Biologists routinely make decisions regarding the fate of the animals they study. I got a taste of this in the Bitterroot/Selway Wilderness 20 years ago while on a summer job with the Forest Service doing fisheries work.
While snorkeling to count fish, we’d stumbled upon what seemed to be a swarm of juvenile rainbow trout.
We dutifully recorded the rainbows in our log books, but the whole thing didn’t sit right with our crew leader, Mike. For weeks he brooded over those fish. We hadn’t found rainbow fry elsewhere in the headwater streams during our sample work; just that swarm on the main river. And while rainbow like, the fry seemed different. We hadn’t noticed parr marks and the fish had a forked tails.
Mike was convinced the fish were actually chinook salmon and was determined to capture one so we could verify its species back in the lab. Near the end of our summer assignment, he fashioned a net out of a plastic bag and a forked pine branch, put on his dry suit and spent an hour in the Little Clearwater River trying to net one of the baby fish.
Eventually he did.
Mike was grinning as he came back to camp, salmonid fry swimming in the plastic baggy like a goldfish he’d just won at the fair. That’s when a fierce debate about the ethics of killing fish broke out. I’ve never participated in a more passionate argument that didn’t involve me taking out the trash.
One camp argued that we had no business playing God and deciding which fished lived, and which died. Besides, the fish we killed might have been the only one of the brood to run the gauntlet and make it back from the Pacific to spawn. Finally, this camp argued, the protocols for our assignment mandated counting, not collecting, fish.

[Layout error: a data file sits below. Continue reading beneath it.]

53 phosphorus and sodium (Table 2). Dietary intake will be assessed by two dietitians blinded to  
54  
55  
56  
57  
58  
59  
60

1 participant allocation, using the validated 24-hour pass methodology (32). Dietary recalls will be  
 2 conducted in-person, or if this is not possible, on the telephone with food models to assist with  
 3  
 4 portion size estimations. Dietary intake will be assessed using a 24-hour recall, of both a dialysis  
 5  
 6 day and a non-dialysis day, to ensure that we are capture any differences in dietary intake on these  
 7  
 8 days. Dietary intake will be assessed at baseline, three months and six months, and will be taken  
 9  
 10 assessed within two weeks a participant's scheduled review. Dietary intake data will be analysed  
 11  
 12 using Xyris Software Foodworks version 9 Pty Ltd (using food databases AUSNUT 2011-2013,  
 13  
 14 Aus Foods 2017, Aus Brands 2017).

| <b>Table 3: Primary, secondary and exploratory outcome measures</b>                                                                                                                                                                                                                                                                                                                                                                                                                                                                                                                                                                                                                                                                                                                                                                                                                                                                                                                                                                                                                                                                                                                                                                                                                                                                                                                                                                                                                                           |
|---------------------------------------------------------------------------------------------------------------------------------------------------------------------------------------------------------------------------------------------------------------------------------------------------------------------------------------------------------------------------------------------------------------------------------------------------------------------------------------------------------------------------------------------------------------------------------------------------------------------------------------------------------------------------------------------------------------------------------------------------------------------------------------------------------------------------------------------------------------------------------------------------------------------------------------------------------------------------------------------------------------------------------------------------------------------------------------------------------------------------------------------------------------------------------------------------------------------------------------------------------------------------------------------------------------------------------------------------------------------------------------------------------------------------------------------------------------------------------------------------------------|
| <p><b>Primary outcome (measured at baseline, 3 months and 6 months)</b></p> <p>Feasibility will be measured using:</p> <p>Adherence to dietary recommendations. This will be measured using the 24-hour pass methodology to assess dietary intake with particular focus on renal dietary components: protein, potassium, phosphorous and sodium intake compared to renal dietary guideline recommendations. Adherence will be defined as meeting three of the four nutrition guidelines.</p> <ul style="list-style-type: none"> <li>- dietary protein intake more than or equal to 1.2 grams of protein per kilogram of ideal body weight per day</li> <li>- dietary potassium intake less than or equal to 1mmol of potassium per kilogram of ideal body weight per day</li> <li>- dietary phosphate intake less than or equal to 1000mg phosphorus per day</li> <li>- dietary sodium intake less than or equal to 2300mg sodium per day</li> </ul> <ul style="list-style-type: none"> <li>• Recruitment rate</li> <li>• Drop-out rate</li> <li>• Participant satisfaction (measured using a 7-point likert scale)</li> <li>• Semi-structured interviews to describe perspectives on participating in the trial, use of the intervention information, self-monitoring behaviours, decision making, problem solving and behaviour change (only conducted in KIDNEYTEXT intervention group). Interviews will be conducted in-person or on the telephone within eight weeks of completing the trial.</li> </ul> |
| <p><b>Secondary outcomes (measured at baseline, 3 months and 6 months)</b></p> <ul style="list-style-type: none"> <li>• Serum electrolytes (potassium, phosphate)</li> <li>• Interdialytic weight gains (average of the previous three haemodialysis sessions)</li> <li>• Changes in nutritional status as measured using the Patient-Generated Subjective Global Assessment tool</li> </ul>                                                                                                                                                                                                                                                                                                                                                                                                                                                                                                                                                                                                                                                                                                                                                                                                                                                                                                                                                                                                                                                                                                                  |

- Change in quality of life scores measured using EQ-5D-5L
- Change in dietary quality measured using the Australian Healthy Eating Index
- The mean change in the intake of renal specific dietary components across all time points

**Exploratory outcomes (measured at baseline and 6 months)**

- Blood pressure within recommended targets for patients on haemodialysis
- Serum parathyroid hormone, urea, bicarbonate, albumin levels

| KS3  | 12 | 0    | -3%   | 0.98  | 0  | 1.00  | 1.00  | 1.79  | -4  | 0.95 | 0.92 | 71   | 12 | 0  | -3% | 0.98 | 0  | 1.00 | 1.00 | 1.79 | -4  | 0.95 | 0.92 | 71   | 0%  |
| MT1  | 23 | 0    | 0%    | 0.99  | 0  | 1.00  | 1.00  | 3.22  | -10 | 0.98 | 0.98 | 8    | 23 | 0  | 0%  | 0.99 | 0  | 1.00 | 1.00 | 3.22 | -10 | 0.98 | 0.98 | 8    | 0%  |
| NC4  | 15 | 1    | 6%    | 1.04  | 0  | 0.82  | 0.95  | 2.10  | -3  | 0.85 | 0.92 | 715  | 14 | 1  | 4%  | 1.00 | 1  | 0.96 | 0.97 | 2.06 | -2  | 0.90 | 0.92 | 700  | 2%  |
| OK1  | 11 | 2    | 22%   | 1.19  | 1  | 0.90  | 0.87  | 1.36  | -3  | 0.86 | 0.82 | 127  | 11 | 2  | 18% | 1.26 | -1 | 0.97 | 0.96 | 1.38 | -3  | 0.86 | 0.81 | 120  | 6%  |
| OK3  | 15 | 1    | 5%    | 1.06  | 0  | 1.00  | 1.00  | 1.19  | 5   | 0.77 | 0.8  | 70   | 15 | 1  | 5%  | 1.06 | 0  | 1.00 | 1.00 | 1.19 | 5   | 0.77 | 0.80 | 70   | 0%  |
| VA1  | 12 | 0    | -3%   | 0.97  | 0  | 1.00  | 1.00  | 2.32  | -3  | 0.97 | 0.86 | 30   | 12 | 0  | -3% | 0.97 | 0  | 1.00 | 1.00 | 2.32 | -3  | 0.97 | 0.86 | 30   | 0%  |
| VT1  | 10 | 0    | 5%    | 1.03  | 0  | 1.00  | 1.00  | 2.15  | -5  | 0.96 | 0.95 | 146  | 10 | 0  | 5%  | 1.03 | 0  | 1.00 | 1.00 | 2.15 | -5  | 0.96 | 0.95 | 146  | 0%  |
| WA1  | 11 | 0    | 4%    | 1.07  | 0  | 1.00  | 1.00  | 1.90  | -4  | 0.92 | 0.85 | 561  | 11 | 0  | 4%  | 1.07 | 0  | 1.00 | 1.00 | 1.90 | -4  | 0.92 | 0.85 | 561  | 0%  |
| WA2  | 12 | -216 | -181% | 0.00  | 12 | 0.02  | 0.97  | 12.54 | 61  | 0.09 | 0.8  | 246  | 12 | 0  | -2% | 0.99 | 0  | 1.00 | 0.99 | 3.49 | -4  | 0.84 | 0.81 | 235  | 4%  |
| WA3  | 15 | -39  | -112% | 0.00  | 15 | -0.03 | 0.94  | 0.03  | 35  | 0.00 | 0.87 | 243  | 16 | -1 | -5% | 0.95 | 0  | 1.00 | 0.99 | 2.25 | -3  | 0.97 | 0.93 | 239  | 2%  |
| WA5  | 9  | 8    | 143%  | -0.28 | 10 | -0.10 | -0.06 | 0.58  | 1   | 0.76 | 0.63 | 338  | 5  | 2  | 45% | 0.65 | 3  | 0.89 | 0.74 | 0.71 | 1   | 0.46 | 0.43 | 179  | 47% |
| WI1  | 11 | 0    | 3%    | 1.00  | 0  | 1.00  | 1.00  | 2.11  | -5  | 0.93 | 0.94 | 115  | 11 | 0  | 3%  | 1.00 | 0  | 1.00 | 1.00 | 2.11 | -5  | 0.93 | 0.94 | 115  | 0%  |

I was in the other camp, arguing that the value of verifying a scientifically important remnant run of native salmon outweighed the cost of killing one fish. But Mike was swayed by the other guys, and released his catch.
When we got back to Hamilton and related the story to our project supervisor, he laughed. Hearing our description he agreed it was probably a chinook, but explained that there had been decades of salmon introductions into the watershed and it was highly unlikely the fry was of wild origin.
I watched similar debates unfold on the other side of the divide as crews sampled for invasive brook trout in the Bitterroot River headwaters. Brookies are bad news in bull trout habitat. They can out compete the native fish, as well as spawn with them. Fortunately, the hybrids from such blasphemy are infertile, but you still lose a year class of bull trout.
When crews found brook trout where they weren’t supposed to be they faced the question: Toss the invader in the knapweed or put it back in the creek?
As the focus on native fish grows, biologists are increasingly facing dilemmas such as this. Chris Clancy, a long-time FWP biologist in the Bitterroot, said recently that he doesn’t have a problem killing invasive trout, when that’s the point of a project. But tossing the incidental fish on the bank isn’t going to stop an invasive species. Where there’s one there are certainly many more.
In the case of rainbow/cutthroat hybridization, Clancy said determining which fish is which can be tough, even for pros. In a test, photos of 60 rainbow/cutthroat hybrids were sent to fisheries biologists, and there was significant variation in what some called cutthroats, and others didn’t. The only way to know for sure is genetic testing.
I doubt cable channel AMC has a “Swimming Dead” program in development. Regardless, the zombie swarms of cutthroat/rainbow hybrid trout are different from fictional zombies in an important way: they are sexually fertile. That’s what makes them especially difficult for fisheries managers.
Pure strain fish will segregate during spawning. But once a male cutthroat succumbs to the temptations of a sexy rainbow and makes a bunch of hybrid babies, telling the good fish from the bad becomes next to impossible, unless you get a DNA sample back to the lab.
This is the second in an ongoing series on native fish
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